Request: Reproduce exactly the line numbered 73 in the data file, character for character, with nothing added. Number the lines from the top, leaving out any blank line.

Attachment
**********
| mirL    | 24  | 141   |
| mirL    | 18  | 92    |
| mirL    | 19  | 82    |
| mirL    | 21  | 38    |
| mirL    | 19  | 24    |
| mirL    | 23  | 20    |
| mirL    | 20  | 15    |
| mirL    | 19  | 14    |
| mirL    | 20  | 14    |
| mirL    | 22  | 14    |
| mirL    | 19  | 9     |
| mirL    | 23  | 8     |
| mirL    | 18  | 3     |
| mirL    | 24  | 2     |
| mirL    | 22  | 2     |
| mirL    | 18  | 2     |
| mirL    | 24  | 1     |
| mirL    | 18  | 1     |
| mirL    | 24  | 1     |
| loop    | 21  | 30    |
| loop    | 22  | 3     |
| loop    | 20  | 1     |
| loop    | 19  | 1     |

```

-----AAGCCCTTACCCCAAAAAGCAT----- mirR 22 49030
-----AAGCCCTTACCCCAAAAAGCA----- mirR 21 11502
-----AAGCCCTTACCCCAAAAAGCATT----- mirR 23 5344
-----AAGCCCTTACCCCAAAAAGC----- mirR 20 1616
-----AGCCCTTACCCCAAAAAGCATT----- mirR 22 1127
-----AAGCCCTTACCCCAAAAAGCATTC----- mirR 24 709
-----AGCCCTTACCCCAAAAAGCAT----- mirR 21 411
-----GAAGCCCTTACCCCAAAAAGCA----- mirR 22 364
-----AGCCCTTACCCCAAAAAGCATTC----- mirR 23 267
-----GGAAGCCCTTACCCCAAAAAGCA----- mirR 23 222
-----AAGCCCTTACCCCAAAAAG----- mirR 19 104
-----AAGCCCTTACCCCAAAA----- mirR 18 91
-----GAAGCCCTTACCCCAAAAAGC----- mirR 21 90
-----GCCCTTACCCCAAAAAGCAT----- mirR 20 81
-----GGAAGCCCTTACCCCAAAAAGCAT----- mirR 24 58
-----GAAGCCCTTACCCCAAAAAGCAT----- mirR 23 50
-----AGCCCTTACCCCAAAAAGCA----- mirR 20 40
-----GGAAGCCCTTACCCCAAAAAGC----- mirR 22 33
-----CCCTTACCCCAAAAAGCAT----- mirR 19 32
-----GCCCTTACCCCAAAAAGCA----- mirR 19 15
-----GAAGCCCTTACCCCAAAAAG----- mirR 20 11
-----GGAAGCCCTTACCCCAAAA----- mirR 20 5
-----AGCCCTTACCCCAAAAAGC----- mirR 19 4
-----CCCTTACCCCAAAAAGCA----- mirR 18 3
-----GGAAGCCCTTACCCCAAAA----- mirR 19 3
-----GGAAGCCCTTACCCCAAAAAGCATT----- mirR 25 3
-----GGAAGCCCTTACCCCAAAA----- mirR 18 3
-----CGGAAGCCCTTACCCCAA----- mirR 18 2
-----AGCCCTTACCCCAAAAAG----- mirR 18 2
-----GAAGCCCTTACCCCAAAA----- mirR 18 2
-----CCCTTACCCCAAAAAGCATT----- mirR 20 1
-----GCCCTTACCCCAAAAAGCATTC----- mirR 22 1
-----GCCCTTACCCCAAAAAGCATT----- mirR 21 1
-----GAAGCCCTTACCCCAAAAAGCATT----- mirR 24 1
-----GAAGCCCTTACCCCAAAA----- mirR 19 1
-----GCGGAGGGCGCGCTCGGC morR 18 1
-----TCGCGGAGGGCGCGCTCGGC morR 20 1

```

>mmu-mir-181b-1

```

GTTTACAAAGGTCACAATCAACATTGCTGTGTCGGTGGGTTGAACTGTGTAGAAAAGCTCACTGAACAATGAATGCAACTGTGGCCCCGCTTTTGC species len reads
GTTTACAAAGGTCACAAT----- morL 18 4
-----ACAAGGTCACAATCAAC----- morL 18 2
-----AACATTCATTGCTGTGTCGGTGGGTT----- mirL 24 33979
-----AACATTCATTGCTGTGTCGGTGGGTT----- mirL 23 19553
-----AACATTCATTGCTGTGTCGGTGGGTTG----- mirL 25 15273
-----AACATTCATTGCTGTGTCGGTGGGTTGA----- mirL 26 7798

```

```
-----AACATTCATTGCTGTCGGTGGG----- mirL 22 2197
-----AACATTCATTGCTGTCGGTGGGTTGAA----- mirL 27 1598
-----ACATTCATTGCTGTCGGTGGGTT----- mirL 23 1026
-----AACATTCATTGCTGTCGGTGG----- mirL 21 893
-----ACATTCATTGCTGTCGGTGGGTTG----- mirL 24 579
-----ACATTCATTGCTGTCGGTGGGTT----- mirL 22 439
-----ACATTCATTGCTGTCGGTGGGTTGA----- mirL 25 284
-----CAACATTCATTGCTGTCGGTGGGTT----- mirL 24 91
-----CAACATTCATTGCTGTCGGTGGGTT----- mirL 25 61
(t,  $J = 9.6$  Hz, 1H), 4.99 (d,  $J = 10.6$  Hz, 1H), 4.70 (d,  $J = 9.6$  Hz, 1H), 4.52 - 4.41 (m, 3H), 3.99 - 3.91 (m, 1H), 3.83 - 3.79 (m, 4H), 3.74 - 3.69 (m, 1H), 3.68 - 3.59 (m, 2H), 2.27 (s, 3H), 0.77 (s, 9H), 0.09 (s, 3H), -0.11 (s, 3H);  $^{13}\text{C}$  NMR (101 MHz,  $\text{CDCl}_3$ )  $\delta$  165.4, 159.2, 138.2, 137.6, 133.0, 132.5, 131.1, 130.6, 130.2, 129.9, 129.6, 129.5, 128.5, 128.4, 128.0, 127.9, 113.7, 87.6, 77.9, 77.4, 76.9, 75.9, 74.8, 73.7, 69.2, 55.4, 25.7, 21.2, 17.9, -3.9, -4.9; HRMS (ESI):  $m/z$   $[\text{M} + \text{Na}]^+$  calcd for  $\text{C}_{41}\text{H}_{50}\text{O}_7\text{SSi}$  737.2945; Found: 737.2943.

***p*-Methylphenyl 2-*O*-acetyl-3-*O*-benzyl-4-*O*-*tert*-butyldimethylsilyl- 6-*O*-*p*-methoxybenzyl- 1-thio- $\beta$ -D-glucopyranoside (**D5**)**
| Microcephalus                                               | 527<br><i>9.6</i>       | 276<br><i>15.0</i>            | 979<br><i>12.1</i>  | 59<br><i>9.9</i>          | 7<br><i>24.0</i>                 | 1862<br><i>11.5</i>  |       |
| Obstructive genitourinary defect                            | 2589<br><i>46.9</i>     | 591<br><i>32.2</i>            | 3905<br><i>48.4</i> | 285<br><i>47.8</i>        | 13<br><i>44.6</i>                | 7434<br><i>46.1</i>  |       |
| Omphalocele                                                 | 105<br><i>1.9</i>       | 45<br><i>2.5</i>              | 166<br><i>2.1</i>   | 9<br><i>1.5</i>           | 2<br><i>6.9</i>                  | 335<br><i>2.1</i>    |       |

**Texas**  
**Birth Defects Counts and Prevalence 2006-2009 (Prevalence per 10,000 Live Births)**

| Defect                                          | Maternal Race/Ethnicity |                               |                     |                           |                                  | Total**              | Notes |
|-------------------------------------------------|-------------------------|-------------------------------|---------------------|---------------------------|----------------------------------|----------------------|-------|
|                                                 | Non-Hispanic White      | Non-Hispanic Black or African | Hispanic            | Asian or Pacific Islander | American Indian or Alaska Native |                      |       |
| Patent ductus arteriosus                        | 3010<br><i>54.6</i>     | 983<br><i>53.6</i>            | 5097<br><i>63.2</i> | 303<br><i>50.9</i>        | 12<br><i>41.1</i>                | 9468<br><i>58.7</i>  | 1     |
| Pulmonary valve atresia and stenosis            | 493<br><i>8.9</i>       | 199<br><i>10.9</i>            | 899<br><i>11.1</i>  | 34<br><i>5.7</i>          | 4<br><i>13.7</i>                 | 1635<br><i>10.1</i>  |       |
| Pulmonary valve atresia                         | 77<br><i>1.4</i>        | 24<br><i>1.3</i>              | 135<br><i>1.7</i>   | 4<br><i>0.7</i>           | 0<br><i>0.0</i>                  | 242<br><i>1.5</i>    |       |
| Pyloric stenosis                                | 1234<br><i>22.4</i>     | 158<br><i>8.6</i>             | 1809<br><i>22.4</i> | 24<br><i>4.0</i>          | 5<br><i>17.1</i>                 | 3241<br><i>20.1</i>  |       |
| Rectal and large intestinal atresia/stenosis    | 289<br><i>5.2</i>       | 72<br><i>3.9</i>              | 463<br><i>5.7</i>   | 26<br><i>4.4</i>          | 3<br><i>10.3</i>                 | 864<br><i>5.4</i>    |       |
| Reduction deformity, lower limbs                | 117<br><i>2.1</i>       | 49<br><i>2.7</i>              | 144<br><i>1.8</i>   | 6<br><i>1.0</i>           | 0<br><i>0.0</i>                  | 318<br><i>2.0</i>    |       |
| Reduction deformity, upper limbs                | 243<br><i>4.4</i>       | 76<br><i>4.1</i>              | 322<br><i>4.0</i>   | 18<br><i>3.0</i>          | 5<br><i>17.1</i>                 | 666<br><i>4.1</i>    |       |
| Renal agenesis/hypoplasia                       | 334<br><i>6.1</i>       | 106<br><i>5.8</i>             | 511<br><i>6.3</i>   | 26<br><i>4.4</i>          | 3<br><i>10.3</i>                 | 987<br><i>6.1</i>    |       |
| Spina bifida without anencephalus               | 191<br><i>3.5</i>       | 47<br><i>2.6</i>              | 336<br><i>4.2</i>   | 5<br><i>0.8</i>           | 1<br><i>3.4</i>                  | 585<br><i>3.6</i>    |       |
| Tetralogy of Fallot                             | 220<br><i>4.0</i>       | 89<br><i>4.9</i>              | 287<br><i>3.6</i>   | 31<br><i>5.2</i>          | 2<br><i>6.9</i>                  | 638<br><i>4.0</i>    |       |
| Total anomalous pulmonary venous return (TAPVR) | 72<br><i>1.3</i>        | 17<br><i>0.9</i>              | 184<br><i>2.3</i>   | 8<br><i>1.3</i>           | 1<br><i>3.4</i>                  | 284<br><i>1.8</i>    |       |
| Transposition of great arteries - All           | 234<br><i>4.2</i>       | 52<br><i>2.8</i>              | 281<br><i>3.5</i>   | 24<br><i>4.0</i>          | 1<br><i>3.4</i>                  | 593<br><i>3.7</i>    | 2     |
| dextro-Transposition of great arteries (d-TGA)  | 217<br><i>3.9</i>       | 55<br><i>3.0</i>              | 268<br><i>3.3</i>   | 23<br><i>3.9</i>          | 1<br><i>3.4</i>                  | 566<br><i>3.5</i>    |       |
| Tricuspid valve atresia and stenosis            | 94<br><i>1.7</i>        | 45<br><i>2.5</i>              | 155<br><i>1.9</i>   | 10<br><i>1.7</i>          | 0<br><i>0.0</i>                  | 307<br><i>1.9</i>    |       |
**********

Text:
```